Boat Forces Tour – Station Monterey

No comments
BM1 Morgan Gardiner drives a Motor Life Boat into the scenic Monterey Harbor after patrol.  Photo by PA2 Dan Bender
BM1 Morgan Gardiner drives a Motor Life Boat into the scenic Monterey Harbor after patrol. Photo by PA2 Dan Bender

Our boat forces tour continues this week with Station Monterey, Calif.  With a sizable area of responsibility and a large fishing community the station is charged with protecting one of the richest marine environments on the planet.

The station’s AOR spans 120 miles of coast line from Point Ano Nuevo in the north to the Monterey/San Luis Obispo county line in the south.  Offshore is the Monterey Bay National Marine Sanctuary, a Federally protected marine area.  Supporting one of the world’s most diverse marine ecosystems, it is home to numerous mammals, seabirds, fishes, invertebrates and plants in a remarkably productive coastal environment.

The crew here will conduct roughly 200 law enforcement boardings a year.  Most of these revolve around the thriving fishing community.

BM3 Edward Bamba examines the engine compartment on the fishing vessel Vengeance during a boarding.  Photo by PA2 Dan Bender
BM3 Edward Bamba examines the engine compartment on the fishing vessel Vengeance during a boarding. Photo by PA2 Dan Bender

“Fisheries are one of our primary missions at Station Monterey,” said Lt. John Suckow, executive officer at the station.  It’s not a simple task either.

According to Suckow, a standard fisheries boarding involves ensuring that the master is licensed and has proper fishery permits, ensuring the catch meets federal fishery regulations concerning minimum size, maximum catch amounts, fishing gear regulations, etc.  In addition, a safety inspection is performed to ensure the vessel meets all safety requirements.

“Coast Guard personnel go through either boarding team member or boarding officer training and certification.  Then there is annual fisheries training,” said Suckow.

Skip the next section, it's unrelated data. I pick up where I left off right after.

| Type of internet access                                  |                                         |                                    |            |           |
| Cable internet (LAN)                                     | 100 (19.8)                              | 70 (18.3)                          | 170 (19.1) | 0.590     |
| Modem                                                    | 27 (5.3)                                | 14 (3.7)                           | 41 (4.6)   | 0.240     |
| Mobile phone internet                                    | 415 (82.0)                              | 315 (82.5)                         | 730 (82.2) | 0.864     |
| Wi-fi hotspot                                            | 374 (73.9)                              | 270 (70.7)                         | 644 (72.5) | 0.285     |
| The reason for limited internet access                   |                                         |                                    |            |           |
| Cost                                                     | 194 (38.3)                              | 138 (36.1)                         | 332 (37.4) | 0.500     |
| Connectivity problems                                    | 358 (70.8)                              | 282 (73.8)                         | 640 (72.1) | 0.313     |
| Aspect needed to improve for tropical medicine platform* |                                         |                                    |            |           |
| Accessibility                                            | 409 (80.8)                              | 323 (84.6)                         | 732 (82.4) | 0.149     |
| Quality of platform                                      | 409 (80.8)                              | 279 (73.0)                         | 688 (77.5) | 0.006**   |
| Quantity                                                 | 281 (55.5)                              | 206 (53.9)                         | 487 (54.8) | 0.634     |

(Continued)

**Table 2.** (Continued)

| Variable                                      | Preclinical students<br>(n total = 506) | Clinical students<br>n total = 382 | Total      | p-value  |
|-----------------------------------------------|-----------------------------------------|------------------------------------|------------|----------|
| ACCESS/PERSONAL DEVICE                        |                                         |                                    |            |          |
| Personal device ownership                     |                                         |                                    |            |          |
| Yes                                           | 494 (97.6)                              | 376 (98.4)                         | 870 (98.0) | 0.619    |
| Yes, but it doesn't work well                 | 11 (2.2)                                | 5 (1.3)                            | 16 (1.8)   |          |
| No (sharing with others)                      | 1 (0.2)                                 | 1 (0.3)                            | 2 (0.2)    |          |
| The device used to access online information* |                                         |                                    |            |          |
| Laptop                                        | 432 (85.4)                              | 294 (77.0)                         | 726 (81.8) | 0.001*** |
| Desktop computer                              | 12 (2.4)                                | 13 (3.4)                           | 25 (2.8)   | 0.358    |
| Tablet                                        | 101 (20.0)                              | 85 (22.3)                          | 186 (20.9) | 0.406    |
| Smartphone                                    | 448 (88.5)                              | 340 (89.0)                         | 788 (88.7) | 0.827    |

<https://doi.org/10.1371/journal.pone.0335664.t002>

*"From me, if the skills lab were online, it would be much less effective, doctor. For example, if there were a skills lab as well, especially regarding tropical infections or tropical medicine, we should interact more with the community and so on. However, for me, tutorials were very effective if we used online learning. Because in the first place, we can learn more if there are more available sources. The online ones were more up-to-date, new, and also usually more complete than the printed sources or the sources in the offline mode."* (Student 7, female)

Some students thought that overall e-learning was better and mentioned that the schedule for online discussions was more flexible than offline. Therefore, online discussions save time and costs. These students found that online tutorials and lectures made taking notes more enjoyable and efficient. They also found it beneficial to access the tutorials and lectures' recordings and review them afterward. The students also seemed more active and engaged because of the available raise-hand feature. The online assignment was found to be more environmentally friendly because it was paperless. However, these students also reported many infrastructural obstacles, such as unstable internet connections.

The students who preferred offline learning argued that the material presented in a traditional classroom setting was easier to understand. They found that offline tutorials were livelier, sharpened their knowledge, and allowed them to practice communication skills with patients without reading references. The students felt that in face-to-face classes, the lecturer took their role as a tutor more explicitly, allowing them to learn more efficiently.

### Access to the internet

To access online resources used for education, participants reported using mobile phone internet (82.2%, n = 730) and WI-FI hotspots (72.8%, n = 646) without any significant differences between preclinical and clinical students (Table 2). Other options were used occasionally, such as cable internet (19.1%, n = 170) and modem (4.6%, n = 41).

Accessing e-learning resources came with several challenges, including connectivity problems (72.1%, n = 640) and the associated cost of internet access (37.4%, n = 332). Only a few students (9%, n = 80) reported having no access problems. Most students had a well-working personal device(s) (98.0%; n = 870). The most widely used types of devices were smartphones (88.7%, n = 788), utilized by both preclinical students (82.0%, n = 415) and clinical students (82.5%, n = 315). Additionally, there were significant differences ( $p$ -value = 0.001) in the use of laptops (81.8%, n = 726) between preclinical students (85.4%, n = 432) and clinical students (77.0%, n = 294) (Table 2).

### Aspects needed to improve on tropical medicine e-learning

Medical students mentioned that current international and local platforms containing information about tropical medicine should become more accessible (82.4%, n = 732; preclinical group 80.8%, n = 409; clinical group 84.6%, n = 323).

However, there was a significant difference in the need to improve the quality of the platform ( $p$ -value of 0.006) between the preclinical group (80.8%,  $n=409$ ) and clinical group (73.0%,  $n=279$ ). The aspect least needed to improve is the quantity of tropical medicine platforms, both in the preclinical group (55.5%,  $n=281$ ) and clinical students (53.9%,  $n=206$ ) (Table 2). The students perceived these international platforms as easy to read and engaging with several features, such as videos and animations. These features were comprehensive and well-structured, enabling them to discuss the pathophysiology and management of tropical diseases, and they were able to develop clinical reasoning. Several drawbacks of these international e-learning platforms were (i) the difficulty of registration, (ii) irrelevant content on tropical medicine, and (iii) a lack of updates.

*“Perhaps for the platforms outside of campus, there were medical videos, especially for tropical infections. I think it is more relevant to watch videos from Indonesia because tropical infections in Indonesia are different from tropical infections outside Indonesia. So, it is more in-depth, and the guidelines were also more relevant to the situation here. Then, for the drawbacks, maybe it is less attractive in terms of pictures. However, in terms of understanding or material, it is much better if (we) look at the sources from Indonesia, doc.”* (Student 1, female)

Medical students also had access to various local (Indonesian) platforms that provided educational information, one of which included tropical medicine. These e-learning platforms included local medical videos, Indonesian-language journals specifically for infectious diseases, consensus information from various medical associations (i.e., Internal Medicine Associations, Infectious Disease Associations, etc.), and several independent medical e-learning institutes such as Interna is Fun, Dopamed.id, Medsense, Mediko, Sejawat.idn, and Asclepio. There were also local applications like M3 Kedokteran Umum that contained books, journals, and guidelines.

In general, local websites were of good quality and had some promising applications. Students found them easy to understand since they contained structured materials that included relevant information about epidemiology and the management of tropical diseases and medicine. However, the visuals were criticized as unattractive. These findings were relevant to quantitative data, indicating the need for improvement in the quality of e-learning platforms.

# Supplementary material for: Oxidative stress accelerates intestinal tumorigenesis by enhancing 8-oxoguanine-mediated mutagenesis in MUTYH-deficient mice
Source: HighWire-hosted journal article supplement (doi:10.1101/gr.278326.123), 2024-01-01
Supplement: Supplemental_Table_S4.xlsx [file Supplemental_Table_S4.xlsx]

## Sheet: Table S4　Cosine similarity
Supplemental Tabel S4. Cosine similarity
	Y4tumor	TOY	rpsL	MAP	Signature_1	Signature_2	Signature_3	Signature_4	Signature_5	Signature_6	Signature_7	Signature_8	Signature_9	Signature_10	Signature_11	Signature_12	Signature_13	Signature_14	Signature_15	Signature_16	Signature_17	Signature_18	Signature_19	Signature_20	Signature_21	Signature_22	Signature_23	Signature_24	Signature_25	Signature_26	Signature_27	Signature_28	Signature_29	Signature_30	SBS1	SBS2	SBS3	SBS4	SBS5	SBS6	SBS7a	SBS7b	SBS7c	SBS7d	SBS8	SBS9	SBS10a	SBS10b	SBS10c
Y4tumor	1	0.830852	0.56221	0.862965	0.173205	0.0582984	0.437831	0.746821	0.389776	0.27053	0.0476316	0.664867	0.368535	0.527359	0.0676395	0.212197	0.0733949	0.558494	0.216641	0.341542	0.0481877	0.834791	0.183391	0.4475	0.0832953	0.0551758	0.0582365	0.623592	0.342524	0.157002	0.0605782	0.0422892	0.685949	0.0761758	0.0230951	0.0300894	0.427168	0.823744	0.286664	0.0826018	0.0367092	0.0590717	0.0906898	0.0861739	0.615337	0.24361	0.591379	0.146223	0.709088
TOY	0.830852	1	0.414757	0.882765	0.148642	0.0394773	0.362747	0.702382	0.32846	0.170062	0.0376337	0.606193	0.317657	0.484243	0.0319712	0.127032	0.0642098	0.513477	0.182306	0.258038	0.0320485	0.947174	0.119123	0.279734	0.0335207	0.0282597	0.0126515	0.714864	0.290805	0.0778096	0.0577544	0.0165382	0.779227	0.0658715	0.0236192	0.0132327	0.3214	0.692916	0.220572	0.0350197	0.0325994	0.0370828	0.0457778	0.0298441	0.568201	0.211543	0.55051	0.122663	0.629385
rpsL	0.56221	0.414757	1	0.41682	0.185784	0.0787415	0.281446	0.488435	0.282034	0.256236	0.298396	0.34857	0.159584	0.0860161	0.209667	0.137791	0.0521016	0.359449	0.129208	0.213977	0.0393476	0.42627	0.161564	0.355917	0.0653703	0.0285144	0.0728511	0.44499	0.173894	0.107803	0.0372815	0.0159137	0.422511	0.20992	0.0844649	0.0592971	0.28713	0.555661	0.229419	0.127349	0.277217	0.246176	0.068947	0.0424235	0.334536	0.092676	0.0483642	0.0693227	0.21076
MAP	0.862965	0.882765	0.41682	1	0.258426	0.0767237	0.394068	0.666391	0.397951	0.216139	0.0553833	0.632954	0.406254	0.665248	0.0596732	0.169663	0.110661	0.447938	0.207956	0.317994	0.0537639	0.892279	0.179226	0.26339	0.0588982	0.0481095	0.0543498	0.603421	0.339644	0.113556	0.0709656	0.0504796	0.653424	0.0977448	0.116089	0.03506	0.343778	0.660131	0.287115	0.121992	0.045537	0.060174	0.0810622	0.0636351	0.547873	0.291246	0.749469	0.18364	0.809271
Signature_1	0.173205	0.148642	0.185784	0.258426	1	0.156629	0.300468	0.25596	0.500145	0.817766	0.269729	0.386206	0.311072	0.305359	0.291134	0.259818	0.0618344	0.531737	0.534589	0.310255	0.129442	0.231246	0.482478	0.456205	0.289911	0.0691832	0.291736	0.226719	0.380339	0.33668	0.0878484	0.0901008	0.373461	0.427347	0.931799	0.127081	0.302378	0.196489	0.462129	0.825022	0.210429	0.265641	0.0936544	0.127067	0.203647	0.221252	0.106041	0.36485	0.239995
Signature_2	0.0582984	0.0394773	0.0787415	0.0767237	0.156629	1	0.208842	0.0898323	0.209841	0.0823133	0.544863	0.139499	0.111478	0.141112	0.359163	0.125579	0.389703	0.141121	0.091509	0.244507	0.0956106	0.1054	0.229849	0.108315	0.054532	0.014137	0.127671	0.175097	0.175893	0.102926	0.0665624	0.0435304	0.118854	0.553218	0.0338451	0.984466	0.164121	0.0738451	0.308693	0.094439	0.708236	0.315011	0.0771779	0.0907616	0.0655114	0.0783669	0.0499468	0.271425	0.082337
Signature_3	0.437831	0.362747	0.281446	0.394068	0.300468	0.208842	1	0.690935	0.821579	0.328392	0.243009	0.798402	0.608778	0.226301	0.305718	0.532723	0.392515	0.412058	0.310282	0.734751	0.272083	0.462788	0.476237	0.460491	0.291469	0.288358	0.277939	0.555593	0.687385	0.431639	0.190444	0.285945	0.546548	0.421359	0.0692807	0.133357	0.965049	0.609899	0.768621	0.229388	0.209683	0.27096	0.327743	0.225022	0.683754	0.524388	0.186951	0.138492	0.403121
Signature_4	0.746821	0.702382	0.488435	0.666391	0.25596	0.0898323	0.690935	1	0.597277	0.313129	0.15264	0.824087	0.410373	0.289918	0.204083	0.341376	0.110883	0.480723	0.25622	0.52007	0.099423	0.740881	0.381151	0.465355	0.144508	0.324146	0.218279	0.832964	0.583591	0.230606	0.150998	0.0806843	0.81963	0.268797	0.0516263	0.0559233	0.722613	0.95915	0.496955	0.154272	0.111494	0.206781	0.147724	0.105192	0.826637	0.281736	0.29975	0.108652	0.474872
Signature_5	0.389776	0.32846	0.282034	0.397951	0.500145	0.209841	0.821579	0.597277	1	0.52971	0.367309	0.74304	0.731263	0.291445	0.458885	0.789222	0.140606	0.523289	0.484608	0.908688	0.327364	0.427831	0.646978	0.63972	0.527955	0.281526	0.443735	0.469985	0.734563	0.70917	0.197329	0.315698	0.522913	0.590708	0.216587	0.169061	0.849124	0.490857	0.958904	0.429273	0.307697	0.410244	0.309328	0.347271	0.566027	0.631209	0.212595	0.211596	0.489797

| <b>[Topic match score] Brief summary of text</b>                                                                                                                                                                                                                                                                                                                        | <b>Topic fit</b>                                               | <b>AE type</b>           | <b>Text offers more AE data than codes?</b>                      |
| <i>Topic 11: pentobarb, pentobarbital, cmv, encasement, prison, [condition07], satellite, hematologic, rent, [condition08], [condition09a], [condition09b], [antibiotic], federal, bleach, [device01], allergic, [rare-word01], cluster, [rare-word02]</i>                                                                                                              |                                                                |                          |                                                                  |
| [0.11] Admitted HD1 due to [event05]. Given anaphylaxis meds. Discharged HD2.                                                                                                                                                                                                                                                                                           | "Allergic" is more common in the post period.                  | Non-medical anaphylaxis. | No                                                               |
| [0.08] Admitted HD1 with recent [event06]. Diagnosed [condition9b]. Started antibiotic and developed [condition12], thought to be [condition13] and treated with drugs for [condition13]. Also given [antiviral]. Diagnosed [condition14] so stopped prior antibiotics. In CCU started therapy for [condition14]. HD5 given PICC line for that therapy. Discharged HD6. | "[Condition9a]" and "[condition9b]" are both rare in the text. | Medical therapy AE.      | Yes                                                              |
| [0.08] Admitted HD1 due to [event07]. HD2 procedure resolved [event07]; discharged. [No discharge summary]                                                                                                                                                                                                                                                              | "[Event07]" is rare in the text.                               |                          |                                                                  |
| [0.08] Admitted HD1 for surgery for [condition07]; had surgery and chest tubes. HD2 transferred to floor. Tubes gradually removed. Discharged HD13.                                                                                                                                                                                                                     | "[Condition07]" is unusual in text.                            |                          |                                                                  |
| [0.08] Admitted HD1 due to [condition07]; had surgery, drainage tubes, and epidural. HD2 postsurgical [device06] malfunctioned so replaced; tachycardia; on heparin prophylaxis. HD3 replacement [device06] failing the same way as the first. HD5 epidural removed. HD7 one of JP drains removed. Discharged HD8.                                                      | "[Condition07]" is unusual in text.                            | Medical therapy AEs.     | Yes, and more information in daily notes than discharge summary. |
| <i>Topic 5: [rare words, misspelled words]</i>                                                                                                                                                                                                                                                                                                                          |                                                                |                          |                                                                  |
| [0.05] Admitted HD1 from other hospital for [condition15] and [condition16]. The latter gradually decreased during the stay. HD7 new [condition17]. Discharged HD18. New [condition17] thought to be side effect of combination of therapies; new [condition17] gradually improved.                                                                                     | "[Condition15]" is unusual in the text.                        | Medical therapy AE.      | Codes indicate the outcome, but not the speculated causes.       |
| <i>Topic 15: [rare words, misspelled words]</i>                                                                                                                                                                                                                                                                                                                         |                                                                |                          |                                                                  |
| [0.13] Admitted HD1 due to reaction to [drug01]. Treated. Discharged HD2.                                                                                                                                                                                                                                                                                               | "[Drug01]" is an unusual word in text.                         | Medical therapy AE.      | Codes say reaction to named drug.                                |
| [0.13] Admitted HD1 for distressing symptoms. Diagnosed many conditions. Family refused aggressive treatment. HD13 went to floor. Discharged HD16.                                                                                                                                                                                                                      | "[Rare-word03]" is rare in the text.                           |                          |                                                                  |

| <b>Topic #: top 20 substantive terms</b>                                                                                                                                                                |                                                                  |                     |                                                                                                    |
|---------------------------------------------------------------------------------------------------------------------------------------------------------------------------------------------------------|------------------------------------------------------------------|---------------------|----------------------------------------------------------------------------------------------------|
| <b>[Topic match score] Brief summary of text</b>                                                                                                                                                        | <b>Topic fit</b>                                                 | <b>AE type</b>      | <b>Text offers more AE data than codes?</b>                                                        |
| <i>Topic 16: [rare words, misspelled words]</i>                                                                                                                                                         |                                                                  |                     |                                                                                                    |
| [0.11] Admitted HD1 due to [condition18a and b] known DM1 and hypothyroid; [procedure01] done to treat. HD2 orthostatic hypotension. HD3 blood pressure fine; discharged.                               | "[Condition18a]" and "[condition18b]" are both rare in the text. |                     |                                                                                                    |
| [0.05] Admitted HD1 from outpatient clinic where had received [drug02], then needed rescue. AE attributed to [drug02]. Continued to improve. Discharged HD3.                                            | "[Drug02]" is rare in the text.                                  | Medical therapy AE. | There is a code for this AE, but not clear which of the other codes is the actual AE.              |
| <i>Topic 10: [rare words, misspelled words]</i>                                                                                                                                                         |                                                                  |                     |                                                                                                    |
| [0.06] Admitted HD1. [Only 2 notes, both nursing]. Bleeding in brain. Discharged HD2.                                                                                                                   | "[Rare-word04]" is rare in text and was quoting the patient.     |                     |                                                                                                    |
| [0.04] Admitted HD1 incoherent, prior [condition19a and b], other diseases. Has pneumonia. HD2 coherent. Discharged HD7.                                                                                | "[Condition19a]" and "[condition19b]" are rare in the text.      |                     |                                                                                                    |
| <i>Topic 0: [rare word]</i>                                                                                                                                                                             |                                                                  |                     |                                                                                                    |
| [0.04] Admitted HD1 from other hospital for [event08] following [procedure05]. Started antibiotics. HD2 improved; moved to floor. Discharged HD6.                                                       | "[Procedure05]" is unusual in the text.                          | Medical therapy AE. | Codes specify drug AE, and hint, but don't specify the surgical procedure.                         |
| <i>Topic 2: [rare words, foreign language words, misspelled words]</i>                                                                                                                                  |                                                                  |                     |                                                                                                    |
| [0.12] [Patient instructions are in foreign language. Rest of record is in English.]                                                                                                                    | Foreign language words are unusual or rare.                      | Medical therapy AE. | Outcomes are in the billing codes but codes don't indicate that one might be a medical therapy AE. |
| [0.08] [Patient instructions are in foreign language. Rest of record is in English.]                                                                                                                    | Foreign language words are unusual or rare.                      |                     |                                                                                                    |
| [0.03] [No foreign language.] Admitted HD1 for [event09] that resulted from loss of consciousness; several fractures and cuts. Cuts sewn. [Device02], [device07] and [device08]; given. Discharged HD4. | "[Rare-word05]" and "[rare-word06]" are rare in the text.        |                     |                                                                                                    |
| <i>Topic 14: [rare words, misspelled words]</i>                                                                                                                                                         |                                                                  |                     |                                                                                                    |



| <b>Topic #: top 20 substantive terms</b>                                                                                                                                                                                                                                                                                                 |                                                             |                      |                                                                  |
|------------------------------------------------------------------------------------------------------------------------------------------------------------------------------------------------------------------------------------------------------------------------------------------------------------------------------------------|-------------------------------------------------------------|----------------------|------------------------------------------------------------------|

The regulations around fisheries are complicated and come from both federal and state government.  The allowable catch often changes frequently as scientists monitor populations and activity of stocks.   Working with partner agencies enhances the station’s ability to be an effective partner in protecting these living resources.

“Station Monterey has a very close working relationship with the National Oceanographic and Atmospheric Administration, California Fish and Game and U.S. Fish and Wildlife,” said Suckow.  So much so that NOAA keeps offices for its officers at the station.  “Inter-agency communication is the norm here, resulting in frequent joint agency operations.”

For the crew at the station, working on the lush Central California Coast is a demanding but rewarding experience.

Monterey is a beautiful area to work,” said Suckow.  “The area’s temperate climate, renowned marine wildlife, abundance of local attractions, and role in California’s history make it an extremely popular area to live.”

ME3 Juan Plakio, a boarding officer at the station, interviews a fisherman after a reported altercation.  Photo by PA2 Dan Bender
ME3 Juan Plakio, a boarding officer at the station, interviews a fisherman after a reported altercation. Photo by PA2 Dan Bender

Leave a Reply